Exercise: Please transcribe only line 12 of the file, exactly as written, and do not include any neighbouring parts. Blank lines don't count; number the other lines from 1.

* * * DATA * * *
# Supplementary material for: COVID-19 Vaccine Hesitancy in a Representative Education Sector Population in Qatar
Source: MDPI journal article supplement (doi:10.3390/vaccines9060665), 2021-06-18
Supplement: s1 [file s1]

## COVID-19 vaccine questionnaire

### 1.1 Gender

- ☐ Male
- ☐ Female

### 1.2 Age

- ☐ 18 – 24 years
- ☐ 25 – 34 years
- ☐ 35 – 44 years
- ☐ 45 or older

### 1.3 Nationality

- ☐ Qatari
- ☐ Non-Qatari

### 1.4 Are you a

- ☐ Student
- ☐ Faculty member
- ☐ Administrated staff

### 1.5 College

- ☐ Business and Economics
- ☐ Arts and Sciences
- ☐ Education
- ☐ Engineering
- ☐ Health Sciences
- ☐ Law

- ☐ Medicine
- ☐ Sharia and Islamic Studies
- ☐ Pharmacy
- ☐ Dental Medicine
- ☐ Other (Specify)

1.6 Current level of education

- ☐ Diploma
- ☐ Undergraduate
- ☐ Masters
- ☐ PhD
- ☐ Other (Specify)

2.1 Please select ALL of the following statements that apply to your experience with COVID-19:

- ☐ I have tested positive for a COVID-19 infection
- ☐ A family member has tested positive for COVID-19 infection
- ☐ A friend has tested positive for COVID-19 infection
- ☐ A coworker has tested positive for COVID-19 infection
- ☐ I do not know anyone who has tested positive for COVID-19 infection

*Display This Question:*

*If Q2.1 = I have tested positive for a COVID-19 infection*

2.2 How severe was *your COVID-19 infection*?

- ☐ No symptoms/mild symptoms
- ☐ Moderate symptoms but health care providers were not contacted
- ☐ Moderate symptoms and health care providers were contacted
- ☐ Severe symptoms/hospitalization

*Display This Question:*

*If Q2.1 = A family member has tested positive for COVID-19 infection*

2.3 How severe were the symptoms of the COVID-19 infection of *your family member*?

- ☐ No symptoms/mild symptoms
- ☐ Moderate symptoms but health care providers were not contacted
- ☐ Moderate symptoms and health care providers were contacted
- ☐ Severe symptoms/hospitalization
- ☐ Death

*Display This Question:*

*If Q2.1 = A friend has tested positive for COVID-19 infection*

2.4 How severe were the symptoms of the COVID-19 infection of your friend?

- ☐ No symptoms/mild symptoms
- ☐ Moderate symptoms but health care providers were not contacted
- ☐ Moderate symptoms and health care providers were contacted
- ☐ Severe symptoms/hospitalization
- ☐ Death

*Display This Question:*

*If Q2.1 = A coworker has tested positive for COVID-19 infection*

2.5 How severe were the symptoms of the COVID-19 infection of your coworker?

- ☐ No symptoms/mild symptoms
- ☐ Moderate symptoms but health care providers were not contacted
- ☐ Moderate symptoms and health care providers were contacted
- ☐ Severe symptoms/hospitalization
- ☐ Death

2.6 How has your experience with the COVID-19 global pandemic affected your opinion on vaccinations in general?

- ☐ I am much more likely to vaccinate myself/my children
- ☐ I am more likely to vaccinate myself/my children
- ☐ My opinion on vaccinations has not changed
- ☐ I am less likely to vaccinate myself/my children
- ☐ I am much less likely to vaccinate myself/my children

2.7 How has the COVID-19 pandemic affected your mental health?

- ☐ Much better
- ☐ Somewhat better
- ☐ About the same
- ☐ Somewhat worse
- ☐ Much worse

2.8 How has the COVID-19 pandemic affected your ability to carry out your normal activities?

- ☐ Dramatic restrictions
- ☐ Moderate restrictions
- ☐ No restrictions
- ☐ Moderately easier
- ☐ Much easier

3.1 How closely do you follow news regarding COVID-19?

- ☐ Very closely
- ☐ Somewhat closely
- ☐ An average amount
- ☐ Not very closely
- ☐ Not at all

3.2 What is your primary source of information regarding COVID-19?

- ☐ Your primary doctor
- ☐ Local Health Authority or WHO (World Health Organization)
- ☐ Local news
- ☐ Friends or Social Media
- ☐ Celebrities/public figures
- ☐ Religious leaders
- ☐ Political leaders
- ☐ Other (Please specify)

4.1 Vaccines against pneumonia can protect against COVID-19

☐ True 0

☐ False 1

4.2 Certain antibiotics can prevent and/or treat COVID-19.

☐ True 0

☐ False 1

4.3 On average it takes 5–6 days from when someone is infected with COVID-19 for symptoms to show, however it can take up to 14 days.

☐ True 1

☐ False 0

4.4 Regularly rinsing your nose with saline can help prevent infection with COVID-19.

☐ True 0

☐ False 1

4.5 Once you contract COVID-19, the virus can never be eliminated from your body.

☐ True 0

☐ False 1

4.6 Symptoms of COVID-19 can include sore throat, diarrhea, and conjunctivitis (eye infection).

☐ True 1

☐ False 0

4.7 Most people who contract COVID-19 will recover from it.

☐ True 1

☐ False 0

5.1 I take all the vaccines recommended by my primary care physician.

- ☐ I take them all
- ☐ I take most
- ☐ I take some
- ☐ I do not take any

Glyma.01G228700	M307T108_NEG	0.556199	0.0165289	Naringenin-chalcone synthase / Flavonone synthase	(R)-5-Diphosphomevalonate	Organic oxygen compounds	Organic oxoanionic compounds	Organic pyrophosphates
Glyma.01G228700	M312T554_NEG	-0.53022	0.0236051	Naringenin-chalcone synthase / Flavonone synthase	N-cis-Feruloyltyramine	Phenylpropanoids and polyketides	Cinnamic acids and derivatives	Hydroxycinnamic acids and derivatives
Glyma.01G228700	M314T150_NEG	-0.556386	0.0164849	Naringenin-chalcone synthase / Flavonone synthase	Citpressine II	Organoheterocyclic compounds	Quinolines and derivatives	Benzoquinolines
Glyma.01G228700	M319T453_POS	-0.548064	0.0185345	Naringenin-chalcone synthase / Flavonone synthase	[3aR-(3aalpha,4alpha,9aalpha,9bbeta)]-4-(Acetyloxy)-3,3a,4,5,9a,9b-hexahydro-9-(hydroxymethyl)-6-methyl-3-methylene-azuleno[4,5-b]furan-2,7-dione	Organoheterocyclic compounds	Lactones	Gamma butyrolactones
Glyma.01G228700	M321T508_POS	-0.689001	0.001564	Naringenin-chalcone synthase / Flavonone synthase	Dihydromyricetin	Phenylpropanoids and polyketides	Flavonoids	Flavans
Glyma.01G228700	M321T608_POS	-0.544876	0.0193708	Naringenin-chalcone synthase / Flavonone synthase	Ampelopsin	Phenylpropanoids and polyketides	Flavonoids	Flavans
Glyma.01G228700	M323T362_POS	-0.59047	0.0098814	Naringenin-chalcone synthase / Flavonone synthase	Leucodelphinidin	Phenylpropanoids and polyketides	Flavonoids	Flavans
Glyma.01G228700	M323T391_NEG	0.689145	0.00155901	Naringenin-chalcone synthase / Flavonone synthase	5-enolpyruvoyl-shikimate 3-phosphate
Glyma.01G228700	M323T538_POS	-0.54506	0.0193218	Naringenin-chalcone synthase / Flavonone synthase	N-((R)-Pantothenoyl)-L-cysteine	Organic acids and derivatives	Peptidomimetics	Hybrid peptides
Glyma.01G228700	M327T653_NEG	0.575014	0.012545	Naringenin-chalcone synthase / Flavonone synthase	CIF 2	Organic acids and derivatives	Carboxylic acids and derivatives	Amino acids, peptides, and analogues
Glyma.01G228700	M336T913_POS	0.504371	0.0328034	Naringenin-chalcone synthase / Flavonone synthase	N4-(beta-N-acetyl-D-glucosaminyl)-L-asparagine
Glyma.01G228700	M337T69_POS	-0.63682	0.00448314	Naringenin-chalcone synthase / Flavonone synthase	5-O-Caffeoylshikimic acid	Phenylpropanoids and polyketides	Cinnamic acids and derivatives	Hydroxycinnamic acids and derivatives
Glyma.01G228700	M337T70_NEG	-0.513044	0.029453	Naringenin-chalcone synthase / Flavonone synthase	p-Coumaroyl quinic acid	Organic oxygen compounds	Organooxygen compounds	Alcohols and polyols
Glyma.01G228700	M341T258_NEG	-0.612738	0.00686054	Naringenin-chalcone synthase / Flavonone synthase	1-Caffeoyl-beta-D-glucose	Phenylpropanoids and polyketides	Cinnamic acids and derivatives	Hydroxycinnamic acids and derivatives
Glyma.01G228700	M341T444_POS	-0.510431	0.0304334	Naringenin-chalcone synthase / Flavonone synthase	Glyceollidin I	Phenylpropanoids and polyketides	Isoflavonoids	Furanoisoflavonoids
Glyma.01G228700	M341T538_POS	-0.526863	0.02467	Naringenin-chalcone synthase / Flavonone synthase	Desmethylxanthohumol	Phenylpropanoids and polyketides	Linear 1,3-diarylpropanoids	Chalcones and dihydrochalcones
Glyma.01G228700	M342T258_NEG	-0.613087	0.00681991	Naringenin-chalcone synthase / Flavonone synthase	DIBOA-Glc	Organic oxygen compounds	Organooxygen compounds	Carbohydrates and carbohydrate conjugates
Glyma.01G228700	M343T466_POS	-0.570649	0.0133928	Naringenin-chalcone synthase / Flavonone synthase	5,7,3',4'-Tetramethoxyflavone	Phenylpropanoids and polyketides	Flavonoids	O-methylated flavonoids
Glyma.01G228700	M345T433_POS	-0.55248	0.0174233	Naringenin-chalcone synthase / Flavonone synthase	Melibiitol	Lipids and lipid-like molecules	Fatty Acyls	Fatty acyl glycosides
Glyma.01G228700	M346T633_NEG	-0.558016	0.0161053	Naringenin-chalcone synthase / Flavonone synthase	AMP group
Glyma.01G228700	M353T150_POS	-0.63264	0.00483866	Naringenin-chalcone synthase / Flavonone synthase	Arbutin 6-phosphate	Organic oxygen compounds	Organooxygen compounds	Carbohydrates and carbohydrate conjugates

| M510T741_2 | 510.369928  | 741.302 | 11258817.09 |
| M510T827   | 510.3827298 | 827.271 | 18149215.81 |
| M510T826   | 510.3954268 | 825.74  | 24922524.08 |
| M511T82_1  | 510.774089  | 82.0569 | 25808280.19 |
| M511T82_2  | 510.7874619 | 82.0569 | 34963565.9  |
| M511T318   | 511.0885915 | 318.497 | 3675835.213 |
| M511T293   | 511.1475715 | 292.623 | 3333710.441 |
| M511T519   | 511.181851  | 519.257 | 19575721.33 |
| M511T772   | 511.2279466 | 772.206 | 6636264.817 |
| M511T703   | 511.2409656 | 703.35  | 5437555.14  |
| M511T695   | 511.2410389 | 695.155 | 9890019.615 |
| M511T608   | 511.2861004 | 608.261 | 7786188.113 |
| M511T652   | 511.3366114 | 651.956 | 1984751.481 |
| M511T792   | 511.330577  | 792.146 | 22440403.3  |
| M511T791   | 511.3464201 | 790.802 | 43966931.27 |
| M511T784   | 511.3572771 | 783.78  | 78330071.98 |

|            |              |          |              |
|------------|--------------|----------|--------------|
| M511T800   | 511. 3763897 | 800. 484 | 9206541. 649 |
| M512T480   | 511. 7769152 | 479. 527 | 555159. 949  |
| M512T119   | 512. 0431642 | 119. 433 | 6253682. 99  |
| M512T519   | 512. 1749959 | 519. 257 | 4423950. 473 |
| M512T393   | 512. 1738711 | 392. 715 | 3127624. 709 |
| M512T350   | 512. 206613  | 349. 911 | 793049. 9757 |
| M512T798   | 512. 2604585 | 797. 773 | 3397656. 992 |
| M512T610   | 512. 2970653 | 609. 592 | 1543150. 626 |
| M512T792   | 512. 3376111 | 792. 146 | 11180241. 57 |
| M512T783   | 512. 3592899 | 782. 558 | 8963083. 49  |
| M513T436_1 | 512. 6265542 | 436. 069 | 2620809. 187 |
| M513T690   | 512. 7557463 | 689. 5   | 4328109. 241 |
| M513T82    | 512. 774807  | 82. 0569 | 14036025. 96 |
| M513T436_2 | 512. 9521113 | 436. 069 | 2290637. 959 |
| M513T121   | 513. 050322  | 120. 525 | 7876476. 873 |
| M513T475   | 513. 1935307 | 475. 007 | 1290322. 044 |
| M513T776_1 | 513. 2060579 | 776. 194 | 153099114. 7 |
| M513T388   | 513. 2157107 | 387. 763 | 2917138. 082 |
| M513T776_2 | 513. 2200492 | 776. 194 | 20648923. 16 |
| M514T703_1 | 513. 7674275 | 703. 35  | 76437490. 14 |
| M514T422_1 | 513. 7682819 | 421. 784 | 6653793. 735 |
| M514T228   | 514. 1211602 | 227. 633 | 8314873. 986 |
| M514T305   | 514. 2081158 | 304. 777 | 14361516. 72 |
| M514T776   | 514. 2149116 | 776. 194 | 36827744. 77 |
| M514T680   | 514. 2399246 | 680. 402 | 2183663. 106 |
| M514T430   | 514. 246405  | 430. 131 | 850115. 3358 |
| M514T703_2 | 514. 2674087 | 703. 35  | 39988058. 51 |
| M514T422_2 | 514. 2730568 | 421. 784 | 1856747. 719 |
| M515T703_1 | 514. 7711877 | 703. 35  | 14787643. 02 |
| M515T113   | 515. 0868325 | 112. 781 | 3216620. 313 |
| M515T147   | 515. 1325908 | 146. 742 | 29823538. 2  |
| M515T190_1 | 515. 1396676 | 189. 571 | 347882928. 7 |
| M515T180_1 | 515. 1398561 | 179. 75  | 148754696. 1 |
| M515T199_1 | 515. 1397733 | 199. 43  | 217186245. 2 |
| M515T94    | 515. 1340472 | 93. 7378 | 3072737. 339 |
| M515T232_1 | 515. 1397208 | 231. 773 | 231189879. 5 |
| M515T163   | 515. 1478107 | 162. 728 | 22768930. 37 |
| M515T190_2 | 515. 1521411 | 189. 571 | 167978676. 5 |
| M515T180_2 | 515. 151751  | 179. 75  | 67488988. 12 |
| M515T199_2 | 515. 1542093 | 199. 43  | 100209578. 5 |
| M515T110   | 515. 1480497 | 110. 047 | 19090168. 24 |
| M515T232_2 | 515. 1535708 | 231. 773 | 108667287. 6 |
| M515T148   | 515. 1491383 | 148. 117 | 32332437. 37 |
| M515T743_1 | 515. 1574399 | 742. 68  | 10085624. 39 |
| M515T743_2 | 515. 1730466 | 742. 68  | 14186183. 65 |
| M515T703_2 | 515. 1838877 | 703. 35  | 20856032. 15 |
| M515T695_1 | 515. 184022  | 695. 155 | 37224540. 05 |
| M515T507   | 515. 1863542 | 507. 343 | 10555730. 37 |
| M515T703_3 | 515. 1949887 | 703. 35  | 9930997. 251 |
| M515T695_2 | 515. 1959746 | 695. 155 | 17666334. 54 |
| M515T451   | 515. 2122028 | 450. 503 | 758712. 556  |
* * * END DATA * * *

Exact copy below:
- ☐ 45 or older